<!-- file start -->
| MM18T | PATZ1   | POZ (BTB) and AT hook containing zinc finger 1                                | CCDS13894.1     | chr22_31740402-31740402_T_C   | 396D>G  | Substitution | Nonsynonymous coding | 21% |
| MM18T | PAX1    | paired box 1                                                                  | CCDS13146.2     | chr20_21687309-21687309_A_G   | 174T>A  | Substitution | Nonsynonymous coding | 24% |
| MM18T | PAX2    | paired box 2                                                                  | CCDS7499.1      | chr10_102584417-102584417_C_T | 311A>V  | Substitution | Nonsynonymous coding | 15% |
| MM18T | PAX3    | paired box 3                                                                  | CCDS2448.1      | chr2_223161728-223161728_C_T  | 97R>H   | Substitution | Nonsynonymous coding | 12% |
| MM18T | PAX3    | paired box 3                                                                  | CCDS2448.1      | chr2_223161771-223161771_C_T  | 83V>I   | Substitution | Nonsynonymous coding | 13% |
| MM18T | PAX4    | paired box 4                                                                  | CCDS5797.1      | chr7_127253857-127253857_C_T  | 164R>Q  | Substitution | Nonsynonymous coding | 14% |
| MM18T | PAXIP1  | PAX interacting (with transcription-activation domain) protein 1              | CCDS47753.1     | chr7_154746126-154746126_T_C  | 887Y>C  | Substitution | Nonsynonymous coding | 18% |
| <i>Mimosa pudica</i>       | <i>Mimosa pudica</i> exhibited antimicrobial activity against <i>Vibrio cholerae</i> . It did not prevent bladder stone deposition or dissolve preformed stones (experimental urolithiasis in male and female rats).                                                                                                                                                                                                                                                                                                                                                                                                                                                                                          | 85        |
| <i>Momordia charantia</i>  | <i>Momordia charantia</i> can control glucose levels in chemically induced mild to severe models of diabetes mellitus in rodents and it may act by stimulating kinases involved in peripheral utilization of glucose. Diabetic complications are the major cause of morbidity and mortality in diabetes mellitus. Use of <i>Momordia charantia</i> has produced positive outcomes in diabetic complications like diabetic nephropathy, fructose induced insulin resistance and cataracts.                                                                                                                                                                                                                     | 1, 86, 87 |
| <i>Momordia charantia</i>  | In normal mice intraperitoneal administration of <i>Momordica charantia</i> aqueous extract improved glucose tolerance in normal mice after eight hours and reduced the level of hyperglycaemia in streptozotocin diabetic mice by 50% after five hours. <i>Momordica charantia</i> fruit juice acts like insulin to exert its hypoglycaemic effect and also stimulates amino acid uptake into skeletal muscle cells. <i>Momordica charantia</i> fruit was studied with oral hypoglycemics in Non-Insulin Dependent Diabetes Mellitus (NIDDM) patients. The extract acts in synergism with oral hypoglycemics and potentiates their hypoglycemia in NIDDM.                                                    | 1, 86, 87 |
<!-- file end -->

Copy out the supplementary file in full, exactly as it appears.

| MM18T | PATZ1   | POZ (BTB) and AT hook containing zinc finger 1                                | CCDS13894.1     | chr22_31740402-31740402_T_C   | 396D>G  | Substitution | Nonsynonymous coding | 21% |
| MM18T | PAX1    | paired box 1                                                                  | CCDS13146.2     | chr20_21687309-21687309_A_G   | 174T>A  | Substitution | Nonsynonymous coding | 24% |
| MM18T | PAX2    | paired box 2                                                                  | CCDS7499.1      | chr10_102584417-102584417_C_T | 311A>V  | Substitution | Nonsynonymous coding | 15% |
| MM18T | PAX3    | paired box 3                                                                  | CCDS2448.1      | chr2_223161728-223161728_C_T  | 97R>H   | Substitution | Nonsynonymous coding | 12% |
| MM18T | PAX3    | paired box 3                                                                  | CCDS2448.1      | chr2_223161771-223161771_C_T  | 83V>I   | Substitution | Nonsynonymous coding | 13% |
| MM18T | PAX4    | paired box 4                                                                  | CCDS5797.1      | chr7_127253857-127253857_C_T  | 164R>Q  | Substitution | Nonsynonymous coding | 14% |
| MM18T | PAXIP1  | PAX interacting (with transcription-activation domain) protein 1              | CCDS47753.1     | chr7_154746126-154746126_T_C  | 887Y>C  | Substitution | Nonsynonymous coding | 18% |
| <i>Mimosa pudica</i>       | <i>Mimosa pudica</i> exhibited antimicrobial activity against <i>Vibrio cholerae</i> . It did not prevent bladder stone deposition or dissolve preformed stones (experimental urolithiasis in male and female rats).                                                                                                                                                                                                                                                                                                                                                                                                                                                                                          | 85        |
| <i>Momordia charantia</i>  | <i>Momordia charantia</i> can control glucose levels in chemically induced mild to severe models of diabetes mellitus in rodents and it may act by stimulating kinases involved in peripheral utilization of glucose. Diabetic complications are the major cause of morbidity and mortality in diabetes mellitus. Use of <i>Momordia charantia</i> has produced positive outcomes in diabetic complications like diabetic nephropathy, fructose induced insulin resistance and cataracts.                                                                                                                                                                                                                     | 1, 86, 87 |
| <i>Momordia charantia</i>  | In normal mice intraperitoneal administration of <i>Momordica charantia</i> aqueous extract improved glucose tolerance in normal mice after eight hours and reduced the level of hyperglycaemia in streptozotocin diabetic mice by 50% after five hours. <i>Momordica charantia</i> fruit juice acts like insulin to exert its hypoglycaemic effect and also stimulates amino acid uptake into skeletal muscle cells. <i>Momordica charantia</i> fruit was studied with oral hypoglycemics in Non-Insulin Dependent Diabetes Mellitus (NIDDM) patients. The extract acts in synergism with oral hypoglycemics and potentiates their hypoglycemia in NIDDM.                                                    | 1, 86, 87 |